The geography of Blackfoot Crossing encapsulates more than merely the physical features of land and waterways; it comprises the profound narratives and spiritual beliefs that have painted the area as sacred. Pre-contact, the Blackfoot Confederacy — comprising the Siksika, Kainai, and Piikani — nurtured an intricate relationship with this territory, fostering a profound spiritual bond that has endured rigorous tests of time and colonial challenges. It was on these very grounds that pivotal episodes in history unfolded, such as the signing of Treaty 7 in 1877, which marked a significant transformation in the lives of the Blackfoot people and their relationship with the burgeoning Canadian federation.

Amidst initiatives for the preservation of Indigenous culture, Blackfoot Crossing stands as a beacon of resilience and education. Historical programs readily available at the site serve not only as remnants of the bygone eras but also as enlightening experiences that advocate for an inclusive understanding of Indigenous peoples’ history, culture, and heritage. These programs testify to the ageless tradition of storytelling and the transmission of knowledge — essential components that contribute to the perpetual vitality of Blackfoot culture.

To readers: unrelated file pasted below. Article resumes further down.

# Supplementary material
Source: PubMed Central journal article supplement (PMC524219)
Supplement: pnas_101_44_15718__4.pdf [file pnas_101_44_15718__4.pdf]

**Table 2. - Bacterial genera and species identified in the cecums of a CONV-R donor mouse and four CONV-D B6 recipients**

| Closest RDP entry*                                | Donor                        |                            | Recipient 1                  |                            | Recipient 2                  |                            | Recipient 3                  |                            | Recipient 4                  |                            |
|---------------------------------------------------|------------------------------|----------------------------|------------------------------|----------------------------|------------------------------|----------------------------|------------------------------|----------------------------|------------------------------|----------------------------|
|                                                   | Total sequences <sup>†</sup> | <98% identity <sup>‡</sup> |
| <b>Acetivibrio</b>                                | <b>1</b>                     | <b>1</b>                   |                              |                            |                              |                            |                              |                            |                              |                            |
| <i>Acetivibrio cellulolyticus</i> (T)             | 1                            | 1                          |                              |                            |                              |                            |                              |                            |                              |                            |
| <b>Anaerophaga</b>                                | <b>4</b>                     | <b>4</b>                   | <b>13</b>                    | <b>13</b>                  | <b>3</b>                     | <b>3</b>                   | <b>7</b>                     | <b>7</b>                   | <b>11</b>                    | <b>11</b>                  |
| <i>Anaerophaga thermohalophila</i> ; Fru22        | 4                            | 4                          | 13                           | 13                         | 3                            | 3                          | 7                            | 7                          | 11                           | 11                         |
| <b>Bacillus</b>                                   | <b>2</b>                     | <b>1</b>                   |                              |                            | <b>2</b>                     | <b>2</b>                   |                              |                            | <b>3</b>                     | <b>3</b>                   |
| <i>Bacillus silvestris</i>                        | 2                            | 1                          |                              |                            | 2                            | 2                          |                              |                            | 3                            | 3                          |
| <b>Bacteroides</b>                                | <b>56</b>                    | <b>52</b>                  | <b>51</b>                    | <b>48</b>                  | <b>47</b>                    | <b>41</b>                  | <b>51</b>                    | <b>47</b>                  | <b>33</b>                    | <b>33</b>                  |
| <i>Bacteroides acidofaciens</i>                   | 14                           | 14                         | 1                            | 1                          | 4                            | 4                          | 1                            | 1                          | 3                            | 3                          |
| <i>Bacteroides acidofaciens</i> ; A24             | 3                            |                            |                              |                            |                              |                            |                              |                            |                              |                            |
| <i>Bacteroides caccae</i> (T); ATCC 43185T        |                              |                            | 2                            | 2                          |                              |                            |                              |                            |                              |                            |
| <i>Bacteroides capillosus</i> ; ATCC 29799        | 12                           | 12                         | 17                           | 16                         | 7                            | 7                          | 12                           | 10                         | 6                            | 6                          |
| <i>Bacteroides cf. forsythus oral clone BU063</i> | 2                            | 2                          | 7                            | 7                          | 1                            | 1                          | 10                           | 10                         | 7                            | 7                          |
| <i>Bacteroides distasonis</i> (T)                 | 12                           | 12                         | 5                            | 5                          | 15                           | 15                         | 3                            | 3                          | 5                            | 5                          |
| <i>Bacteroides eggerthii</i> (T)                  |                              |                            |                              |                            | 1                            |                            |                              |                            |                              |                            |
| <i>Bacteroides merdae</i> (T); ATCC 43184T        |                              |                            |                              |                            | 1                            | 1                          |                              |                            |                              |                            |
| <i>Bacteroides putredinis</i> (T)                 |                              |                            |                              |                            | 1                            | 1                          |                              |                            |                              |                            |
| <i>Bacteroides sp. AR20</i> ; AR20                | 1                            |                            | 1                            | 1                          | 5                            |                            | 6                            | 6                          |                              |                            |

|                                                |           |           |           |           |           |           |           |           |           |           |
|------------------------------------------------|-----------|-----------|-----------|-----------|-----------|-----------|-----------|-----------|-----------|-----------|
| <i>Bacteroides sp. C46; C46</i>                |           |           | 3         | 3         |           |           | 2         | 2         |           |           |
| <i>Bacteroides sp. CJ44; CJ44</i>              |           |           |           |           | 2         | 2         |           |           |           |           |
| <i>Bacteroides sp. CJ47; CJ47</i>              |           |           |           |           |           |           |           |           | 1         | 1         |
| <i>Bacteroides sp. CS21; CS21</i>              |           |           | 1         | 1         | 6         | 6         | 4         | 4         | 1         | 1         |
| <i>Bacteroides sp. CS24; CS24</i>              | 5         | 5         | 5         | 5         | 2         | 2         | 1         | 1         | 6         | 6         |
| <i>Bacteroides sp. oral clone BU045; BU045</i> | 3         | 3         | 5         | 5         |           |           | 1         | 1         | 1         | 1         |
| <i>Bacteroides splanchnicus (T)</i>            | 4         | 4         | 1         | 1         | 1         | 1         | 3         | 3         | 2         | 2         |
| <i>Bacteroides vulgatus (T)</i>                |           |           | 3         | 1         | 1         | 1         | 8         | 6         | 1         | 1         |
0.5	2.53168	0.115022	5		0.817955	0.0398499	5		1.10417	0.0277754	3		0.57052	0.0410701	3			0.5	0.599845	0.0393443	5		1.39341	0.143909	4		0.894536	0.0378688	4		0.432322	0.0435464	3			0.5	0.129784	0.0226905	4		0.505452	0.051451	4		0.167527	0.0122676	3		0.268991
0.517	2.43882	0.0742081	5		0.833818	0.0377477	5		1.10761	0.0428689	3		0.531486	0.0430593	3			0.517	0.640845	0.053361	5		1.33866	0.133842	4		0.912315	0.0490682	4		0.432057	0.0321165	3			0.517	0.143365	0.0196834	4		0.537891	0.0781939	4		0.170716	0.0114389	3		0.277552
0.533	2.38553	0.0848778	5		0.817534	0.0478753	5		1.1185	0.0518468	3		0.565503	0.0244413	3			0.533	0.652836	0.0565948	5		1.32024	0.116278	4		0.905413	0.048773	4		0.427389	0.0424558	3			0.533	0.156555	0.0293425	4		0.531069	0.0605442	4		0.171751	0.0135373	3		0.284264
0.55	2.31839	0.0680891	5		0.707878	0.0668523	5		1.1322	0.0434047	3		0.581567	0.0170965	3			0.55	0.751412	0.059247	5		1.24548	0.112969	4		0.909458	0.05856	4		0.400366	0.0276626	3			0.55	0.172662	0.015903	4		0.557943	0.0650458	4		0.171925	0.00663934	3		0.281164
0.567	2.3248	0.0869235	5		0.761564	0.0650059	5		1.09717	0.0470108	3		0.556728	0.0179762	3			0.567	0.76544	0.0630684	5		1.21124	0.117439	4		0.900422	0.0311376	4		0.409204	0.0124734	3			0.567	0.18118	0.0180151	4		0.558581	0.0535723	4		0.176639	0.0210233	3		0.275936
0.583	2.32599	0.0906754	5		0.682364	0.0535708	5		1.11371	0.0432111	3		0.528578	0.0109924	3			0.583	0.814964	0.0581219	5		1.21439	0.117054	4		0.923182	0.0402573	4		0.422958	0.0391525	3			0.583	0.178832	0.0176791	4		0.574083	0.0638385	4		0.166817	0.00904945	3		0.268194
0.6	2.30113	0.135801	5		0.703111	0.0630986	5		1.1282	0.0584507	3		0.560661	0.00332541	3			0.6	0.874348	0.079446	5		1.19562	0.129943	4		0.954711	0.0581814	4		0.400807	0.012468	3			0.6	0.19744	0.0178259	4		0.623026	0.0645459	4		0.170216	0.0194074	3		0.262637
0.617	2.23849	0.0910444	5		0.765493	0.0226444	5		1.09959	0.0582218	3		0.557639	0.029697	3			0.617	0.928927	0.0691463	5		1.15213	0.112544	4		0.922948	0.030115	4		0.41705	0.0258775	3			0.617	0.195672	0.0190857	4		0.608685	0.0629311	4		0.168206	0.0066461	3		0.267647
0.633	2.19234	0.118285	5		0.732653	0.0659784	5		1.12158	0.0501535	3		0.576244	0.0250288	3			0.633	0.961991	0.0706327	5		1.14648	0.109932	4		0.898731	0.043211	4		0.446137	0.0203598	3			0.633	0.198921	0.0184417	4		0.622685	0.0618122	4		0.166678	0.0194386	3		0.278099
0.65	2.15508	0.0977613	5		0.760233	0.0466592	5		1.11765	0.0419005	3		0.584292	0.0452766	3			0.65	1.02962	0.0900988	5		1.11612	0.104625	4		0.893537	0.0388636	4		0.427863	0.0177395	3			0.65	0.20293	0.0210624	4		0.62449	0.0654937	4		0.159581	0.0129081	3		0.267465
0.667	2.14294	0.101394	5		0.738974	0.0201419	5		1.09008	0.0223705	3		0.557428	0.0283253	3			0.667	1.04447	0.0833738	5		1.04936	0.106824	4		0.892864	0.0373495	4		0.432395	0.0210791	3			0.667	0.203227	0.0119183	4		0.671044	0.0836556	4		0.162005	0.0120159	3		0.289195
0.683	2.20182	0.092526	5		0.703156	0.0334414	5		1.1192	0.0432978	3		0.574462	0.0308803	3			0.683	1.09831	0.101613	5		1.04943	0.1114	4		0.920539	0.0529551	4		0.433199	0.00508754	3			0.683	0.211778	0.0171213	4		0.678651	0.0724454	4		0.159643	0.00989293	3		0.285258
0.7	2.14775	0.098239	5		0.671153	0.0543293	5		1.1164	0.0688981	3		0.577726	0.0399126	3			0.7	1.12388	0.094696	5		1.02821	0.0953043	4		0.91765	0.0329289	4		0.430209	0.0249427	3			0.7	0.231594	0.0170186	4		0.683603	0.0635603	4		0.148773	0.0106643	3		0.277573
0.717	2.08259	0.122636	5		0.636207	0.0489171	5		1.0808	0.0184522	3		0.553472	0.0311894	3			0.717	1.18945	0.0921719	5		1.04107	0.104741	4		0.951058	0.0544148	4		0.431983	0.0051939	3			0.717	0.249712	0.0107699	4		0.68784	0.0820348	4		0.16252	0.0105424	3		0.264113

Today, the development of the Historical Park at Blackfoot Crossing burgeons as a symbol of progress, carefully tethered to tradition and identity. Its role in contemporary society transcends mere remembrance; it offers a dynamic stage for the nurturing of intercultural dialogue and a collective engagement with history. Whereas the future of Indigenous heritage sites like Blackfoot Crossing is replete with possibilities and responsibilities, one thing remains unequivocally certain: the commitment to honoring, learning from, and showcasing the vibrant tapestry that forms the cornerstone of the illustrious Blackfoot legacy.

Geography of Sacred Grounds

The Geography of Sacred Grounds significantly intertwines with the cultural and spiritual lives of Indigenous peoples, most notably the Blackfoot Confederacy. These lands, often defined by sprawling prairies, meandering rivers, and imposing mountain ranges, have served as the backdrop for countless spiritual practices and ceremonies. Here, every hill, waterway, and stone may hold a story or symbology, deeply rooted in the historical narrative and collective memory of the tribes.